Skip to main content.

In Alabama’s Black Belt, a lasting legacy of racial disparities and deep poverty

In Alabama’s Black Belt, a lasting legacy of racial disparities and deep poverty

Picture of Anna Maria Barry-Jester

Looking through health statistics for the United States, there’s an area that almost always shows up in red: Alabama’s Black Belt. A stretch of fertile lands across the southern half of the state, it was one of the most brutal and wealthy parts of the country during the slavery era.

Home to Selma and Montgomery, it was again the center of attention during the civil rights movement, and after the notorious Tuskegee experiments became public. Earlier this year, one county in the area, Perry, had another brief moment in the national spotlight after it became public that an outbreak of tuberculosis had killed at least three people and infected more than 100 others. National reporters descended, trying to make sense of how such a seemingly arcane disease could have taken hold in the United States.

But Perry County is currently a standout for more than just this TB outbreak. According to the most recent census data, it also has the highest childhood poverty rate of any county in the United States — a full two-thirds of the children in Perry County live in families with incomes below the federal poverty limit. That’s up from 47 percent in 2010; the percentage has steadily increased over the past decade.

Poverty is high for all ages in Perry, but not for all races. The white poverty rate is 8.1 percent compared to 32.7 percent for blacks. This is similar to other counties in the Black Belt. In Alabama, African Americans have much higher rates of poverty in majority black counties than they do in counties where they make up a minority. The long-term effects of this poverty have been illustrated in recent research. Harvard’s Equality of Opportunity project recently looked at economic mobility based on where children grow up. According to the research, kids who grow up in Perry County will on average make $3,220, or 12 percent, less at age 26 than a poor child who grows up in an average county in the U.S. That’s worse than 95 percent of counties in the U.S.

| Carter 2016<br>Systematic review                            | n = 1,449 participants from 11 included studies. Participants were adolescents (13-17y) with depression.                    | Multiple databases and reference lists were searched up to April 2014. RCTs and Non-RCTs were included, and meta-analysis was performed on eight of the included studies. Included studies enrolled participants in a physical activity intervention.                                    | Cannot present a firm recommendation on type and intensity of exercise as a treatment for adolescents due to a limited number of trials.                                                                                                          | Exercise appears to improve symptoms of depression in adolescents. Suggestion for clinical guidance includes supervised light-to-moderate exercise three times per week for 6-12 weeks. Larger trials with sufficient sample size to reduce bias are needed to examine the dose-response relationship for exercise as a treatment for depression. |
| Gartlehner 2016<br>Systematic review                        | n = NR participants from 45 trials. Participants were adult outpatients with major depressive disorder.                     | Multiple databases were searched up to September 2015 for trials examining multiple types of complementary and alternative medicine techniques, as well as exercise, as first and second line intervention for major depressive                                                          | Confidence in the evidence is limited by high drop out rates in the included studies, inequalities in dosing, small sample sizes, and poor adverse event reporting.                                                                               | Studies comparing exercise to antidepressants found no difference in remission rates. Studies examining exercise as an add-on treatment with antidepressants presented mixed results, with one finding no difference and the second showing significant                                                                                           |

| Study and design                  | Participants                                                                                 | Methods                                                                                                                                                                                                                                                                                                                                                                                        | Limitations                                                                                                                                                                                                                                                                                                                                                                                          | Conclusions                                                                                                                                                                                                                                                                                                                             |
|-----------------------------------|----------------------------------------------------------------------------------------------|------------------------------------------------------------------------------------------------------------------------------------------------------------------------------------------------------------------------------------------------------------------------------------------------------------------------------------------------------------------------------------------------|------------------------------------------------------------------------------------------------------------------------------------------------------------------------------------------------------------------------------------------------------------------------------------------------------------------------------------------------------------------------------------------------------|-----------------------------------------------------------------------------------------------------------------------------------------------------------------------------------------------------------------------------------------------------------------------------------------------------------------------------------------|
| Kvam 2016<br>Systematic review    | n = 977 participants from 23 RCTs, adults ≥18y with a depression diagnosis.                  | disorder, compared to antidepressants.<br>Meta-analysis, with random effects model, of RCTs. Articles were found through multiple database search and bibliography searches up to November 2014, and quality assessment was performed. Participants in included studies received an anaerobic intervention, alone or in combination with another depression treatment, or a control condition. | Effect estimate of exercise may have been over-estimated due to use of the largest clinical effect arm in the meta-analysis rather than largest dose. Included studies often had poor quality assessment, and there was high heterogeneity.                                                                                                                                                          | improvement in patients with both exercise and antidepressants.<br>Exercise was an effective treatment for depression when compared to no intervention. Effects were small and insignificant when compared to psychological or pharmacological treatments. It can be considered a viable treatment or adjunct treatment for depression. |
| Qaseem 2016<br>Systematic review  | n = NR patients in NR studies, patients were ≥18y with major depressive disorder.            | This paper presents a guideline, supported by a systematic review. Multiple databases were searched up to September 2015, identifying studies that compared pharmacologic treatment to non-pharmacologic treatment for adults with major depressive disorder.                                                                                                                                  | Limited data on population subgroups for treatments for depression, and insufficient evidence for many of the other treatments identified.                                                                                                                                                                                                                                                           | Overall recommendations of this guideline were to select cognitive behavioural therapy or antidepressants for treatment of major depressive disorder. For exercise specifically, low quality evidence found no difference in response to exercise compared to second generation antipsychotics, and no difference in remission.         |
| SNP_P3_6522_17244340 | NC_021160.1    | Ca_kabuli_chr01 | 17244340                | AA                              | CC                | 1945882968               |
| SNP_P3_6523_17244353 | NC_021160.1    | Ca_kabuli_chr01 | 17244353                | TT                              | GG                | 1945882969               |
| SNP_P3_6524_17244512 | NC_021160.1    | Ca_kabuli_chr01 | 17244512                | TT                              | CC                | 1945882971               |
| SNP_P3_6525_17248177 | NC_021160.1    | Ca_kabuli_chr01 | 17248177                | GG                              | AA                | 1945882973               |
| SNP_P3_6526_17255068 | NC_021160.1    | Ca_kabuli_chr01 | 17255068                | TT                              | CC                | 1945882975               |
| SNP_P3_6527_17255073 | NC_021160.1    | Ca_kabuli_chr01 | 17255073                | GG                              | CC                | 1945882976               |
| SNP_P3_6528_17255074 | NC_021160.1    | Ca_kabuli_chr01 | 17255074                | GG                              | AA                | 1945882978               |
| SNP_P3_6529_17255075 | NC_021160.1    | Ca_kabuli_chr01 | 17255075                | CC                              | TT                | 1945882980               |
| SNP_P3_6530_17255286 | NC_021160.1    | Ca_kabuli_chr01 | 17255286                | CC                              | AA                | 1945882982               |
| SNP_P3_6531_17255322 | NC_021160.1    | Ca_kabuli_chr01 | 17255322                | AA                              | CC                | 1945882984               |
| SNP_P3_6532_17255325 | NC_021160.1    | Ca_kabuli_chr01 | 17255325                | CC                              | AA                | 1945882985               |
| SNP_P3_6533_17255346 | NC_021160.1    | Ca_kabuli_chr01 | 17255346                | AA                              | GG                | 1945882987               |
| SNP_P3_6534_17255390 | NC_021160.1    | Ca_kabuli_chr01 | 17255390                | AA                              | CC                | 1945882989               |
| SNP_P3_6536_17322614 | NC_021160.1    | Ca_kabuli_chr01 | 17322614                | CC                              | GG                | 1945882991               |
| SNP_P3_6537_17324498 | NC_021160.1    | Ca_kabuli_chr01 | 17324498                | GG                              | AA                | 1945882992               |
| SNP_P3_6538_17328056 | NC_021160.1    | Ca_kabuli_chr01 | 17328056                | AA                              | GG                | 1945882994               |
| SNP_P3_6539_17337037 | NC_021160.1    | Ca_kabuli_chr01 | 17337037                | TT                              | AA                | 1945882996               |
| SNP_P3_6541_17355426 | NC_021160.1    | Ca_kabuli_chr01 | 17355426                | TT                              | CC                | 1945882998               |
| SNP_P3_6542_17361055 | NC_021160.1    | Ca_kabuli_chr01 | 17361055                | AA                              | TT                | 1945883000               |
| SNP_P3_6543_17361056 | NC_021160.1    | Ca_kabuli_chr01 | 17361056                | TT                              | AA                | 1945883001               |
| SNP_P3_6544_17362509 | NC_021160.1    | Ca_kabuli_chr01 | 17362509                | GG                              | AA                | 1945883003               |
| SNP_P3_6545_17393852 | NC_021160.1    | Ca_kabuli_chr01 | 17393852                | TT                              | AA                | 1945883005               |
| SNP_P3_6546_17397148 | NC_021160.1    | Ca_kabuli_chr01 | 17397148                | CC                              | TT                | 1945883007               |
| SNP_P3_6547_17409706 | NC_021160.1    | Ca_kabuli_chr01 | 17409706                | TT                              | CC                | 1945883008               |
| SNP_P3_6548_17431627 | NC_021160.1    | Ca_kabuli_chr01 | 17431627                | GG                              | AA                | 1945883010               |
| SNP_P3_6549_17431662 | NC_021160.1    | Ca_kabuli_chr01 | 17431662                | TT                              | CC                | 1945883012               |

In the Black Belt, race is a divider for health and economic statistics alike. For my 2016 National Fellowship project, I’ll explore the history of these disparities. I will be working with and to dig deep into the science behind racial disparities in health, and how that science plays out in Alabama. Combining data and narrative, we will explore the legacy of racial and economic discrimination in the area, as well as the stories of community groups working to change the trends.

[Photo by Tanjheel Mahdi via Flickr.]


The Center for Health Journalism’s 2023 National Fellowship will provide $2,000 to $10,000 reporting grants, five months of mentoring from a veteran journalist, and a week of intensive training at USC Annenberg in Los Angeles from July 16-20. Click here for more information and the application form, due May 5.

The Center for Health Journalism’s 2023 Symposium on Domestic Violence provides reporters with a roadmap for covering this public health epidemic with nuance and sensitivity. The next session will be offered virtually on Friday, March 31. Journalists attending the symposium will be eligible to apply for a reporting grant of $2,000 to $10,000 from our Domestic Violence Impact Reporting Fund. Find more info here!


Follow Us



CHJ Icon